Court Filings

rc_128-134

Description
s
Categories
Published
of 16
All materials on our website are shared by users. If you have any questions about copyright issues, please report us to resolve them. We are always happy to assist you.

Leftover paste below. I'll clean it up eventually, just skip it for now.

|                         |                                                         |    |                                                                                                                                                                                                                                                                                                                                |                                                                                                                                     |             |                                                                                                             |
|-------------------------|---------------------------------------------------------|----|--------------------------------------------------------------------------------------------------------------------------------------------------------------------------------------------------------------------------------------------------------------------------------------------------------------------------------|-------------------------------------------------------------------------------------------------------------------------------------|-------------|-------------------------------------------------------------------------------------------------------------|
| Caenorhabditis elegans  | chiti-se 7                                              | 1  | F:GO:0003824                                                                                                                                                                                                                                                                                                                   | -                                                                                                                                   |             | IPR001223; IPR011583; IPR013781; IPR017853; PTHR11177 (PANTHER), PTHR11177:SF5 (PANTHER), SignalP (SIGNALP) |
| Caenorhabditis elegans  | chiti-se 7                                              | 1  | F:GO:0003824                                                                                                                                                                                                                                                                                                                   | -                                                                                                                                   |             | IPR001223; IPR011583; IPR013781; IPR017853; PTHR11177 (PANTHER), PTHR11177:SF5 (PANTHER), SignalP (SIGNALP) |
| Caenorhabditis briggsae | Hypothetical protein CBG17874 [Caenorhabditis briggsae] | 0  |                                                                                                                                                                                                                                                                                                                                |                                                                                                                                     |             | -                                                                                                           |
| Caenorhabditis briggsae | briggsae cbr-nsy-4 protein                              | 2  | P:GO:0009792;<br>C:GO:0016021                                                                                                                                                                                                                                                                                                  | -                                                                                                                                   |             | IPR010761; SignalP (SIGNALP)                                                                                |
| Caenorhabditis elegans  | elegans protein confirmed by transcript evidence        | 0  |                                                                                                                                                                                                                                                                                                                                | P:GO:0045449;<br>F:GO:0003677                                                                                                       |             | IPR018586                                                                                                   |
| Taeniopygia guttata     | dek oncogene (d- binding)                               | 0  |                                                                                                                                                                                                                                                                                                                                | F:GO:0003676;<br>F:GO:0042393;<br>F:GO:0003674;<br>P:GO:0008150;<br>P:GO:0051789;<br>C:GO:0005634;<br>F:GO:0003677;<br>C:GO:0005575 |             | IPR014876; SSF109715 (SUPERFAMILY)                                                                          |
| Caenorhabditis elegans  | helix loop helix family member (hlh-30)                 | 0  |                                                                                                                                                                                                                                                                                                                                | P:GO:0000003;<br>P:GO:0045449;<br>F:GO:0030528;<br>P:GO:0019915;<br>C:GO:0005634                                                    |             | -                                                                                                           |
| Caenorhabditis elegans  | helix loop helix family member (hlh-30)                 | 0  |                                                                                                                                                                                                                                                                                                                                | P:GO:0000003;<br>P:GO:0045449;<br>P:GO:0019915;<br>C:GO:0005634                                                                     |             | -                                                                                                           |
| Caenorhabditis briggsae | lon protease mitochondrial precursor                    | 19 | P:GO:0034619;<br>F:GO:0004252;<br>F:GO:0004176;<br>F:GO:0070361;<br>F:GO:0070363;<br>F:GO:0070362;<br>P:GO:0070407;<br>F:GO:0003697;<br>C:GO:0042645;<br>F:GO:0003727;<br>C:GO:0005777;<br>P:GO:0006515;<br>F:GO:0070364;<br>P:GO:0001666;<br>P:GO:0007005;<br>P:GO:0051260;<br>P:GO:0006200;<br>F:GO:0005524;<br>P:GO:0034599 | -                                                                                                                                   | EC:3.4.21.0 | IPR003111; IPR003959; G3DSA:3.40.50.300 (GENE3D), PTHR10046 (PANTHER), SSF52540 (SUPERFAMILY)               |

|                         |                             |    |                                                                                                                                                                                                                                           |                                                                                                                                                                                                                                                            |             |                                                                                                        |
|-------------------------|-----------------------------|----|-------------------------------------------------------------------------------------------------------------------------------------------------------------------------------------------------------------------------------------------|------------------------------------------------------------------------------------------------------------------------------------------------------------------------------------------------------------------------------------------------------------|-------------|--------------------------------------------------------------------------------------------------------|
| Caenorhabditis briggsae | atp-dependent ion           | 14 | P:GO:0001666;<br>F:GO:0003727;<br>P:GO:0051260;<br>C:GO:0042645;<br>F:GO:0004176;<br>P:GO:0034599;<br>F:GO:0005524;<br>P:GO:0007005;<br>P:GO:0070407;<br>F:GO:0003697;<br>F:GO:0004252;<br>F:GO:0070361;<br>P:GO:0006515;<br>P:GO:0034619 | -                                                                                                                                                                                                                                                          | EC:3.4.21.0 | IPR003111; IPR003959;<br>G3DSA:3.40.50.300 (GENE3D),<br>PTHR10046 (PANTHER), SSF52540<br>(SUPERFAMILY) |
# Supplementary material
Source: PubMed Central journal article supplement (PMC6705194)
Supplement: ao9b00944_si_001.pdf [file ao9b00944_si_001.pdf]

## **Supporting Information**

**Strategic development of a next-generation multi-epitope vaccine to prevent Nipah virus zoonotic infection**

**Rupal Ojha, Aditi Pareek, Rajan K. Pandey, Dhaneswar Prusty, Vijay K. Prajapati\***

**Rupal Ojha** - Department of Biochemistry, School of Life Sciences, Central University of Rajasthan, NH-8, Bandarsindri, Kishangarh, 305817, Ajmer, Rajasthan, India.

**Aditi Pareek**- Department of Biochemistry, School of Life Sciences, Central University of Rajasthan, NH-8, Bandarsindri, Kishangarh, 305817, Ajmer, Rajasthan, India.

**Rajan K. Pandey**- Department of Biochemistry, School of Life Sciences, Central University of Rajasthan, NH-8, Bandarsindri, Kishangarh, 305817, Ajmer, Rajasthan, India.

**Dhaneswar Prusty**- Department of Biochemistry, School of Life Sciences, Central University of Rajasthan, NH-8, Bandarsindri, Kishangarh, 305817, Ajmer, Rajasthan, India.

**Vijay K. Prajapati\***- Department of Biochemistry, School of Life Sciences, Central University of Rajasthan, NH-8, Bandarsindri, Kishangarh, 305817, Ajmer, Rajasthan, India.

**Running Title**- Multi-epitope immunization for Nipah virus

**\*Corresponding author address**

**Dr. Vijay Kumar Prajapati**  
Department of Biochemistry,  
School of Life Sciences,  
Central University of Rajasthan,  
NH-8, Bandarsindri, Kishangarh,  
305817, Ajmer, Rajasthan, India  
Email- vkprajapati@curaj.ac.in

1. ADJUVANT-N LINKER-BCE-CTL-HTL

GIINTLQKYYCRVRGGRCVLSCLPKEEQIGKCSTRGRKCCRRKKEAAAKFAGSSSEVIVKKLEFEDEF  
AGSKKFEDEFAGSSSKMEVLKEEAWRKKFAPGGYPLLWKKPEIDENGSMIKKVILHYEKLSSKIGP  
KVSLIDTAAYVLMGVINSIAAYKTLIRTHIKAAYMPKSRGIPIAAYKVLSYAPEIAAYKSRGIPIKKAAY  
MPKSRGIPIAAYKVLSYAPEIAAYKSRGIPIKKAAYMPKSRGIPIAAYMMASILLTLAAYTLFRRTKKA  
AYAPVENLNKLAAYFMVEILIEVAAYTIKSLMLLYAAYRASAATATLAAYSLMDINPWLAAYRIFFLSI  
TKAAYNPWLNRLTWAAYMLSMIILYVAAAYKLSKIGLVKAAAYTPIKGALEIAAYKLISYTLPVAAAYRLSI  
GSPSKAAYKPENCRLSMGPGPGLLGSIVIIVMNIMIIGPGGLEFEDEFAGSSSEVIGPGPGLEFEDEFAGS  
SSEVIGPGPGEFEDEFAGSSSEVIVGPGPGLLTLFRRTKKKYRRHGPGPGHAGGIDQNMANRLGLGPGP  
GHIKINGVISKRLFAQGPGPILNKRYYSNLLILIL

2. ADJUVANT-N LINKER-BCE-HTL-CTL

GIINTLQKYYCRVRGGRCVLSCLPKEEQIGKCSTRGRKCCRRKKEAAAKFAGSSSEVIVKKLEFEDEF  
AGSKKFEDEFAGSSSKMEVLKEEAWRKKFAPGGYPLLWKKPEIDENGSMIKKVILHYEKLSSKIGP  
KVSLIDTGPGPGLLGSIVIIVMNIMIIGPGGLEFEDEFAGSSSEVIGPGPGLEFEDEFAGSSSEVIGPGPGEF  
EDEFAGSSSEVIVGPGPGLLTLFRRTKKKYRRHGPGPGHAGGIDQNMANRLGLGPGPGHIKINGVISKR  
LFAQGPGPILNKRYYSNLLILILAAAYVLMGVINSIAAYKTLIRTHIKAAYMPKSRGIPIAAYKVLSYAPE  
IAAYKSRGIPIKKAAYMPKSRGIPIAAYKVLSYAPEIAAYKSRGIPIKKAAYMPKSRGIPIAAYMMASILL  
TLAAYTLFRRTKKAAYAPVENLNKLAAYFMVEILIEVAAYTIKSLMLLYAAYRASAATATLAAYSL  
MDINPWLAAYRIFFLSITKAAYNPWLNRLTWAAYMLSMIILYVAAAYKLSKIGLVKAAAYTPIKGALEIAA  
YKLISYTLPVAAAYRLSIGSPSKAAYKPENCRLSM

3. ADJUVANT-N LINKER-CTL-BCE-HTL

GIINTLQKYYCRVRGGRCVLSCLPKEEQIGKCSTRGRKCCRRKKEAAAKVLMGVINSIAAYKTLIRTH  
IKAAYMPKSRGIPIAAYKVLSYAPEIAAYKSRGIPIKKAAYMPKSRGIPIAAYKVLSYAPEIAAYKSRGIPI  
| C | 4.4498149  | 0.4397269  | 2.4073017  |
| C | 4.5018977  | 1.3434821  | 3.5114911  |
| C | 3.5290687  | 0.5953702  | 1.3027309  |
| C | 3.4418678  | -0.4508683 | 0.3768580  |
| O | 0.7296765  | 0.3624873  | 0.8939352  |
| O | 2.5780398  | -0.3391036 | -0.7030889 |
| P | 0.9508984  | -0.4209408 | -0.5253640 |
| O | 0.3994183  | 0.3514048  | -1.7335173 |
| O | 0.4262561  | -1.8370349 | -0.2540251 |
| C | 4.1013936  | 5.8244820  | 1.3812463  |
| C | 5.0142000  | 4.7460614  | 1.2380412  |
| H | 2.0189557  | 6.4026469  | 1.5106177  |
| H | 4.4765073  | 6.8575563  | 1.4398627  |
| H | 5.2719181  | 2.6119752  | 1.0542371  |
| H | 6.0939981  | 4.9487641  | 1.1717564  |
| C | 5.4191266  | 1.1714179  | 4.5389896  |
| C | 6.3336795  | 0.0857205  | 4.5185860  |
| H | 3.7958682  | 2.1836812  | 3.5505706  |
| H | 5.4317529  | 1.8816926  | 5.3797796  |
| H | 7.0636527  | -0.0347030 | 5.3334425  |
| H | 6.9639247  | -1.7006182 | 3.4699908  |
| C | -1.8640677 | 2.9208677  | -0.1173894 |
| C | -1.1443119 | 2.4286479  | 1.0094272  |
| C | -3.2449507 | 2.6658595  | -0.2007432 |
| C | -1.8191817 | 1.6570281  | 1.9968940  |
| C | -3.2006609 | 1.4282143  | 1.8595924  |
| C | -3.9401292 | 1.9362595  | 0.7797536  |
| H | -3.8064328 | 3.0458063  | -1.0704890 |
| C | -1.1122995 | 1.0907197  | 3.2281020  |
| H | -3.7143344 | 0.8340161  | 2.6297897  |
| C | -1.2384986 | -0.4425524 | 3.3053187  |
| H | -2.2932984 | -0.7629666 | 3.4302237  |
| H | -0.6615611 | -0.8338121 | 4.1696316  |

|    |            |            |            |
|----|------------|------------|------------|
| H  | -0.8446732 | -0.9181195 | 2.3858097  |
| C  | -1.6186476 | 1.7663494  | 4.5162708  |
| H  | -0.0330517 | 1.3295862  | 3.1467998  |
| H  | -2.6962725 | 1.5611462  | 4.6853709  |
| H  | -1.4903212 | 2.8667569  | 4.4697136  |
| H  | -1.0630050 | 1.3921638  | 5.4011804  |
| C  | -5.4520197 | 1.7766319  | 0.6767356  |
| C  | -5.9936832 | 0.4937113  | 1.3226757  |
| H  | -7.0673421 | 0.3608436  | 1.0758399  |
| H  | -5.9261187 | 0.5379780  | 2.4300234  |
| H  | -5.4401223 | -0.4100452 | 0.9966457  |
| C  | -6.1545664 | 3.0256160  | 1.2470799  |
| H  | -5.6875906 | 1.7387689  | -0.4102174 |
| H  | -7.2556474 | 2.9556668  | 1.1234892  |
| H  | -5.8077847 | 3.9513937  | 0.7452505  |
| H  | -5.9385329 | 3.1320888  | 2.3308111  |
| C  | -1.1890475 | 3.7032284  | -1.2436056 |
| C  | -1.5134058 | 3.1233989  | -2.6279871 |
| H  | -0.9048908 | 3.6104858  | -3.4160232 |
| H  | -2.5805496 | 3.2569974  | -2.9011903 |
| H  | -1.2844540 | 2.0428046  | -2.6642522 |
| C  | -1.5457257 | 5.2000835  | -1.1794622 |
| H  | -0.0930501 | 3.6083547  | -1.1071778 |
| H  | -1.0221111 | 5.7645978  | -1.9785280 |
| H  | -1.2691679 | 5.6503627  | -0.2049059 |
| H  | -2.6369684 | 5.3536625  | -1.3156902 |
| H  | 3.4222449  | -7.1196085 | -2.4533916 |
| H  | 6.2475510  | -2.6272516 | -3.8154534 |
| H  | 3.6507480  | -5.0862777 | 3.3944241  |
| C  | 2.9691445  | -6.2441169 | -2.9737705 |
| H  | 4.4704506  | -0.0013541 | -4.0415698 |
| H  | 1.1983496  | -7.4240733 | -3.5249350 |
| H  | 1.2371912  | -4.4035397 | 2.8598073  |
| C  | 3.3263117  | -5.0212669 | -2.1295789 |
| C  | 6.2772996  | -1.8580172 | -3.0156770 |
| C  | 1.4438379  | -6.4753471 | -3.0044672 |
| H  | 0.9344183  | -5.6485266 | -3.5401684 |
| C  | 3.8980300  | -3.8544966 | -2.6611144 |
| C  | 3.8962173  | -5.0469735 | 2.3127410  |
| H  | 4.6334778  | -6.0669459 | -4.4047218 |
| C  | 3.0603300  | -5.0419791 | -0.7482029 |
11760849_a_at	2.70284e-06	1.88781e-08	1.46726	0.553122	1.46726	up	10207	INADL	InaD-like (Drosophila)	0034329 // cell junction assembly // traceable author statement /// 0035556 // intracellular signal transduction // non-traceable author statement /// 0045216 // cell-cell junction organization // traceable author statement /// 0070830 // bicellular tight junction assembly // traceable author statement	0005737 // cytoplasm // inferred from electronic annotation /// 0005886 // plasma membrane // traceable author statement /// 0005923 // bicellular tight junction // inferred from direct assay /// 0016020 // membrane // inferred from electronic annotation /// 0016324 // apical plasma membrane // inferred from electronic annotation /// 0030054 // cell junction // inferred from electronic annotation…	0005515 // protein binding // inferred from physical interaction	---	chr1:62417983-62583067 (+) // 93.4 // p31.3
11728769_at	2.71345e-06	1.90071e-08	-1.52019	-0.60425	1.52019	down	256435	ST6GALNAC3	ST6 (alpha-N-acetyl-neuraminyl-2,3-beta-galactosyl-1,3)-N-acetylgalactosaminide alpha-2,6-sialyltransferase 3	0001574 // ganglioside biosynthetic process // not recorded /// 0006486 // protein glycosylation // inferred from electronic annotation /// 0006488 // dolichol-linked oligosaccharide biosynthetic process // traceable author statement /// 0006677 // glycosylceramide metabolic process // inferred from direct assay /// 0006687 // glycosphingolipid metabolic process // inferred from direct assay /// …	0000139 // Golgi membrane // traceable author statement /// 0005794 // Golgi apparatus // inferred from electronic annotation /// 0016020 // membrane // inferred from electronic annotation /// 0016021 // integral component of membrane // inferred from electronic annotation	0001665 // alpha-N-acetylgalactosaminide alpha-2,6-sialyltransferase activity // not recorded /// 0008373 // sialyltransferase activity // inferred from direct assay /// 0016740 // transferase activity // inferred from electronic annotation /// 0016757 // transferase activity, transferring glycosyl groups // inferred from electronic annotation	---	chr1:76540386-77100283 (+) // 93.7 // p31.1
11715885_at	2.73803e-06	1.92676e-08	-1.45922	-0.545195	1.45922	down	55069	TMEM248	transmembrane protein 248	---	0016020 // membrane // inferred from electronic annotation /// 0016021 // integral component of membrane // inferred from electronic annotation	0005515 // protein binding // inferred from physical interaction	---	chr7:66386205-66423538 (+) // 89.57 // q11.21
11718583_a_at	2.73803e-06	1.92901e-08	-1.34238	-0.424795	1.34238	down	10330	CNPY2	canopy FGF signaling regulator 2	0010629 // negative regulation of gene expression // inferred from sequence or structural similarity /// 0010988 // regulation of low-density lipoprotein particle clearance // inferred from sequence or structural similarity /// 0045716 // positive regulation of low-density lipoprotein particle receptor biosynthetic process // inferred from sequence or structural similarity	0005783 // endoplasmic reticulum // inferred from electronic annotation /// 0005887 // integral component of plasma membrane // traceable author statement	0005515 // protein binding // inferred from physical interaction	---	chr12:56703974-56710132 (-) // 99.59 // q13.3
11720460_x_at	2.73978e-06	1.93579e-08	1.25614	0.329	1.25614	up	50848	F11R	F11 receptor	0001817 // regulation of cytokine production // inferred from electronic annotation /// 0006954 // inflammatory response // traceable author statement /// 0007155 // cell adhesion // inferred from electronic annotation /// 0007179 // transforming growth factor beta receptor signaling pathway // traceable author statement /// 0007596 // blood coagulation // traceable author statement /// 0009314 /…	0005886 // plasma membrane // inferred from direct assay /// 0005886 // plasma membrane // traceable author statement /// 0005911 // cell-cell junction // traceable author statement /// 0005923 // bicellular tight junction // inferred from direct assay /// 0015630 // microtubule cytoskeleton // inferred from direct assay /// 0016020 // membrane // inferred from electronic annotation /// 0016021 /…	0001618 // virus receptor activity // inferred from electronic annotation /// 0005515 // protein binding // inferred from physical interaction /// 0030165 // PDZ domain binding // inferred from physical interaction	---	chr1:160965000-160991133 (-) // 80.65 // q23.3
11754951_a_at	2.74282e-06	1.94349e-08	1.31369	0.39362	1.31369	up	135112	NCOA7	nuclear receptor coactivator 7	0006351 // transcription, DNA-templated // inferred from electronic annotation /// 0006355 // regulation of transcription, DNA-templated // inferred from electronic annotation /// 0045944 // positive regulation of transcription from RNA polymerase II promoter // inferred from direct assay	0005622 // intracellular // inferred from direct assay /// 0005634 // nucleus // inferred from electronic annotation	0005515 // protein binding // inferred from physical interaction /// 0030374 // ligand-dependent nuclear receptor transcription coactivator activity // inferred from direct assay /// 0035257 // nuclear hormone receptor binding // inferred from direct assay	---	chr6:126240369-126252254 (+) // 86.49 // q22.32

Related Documents
Share
Transcript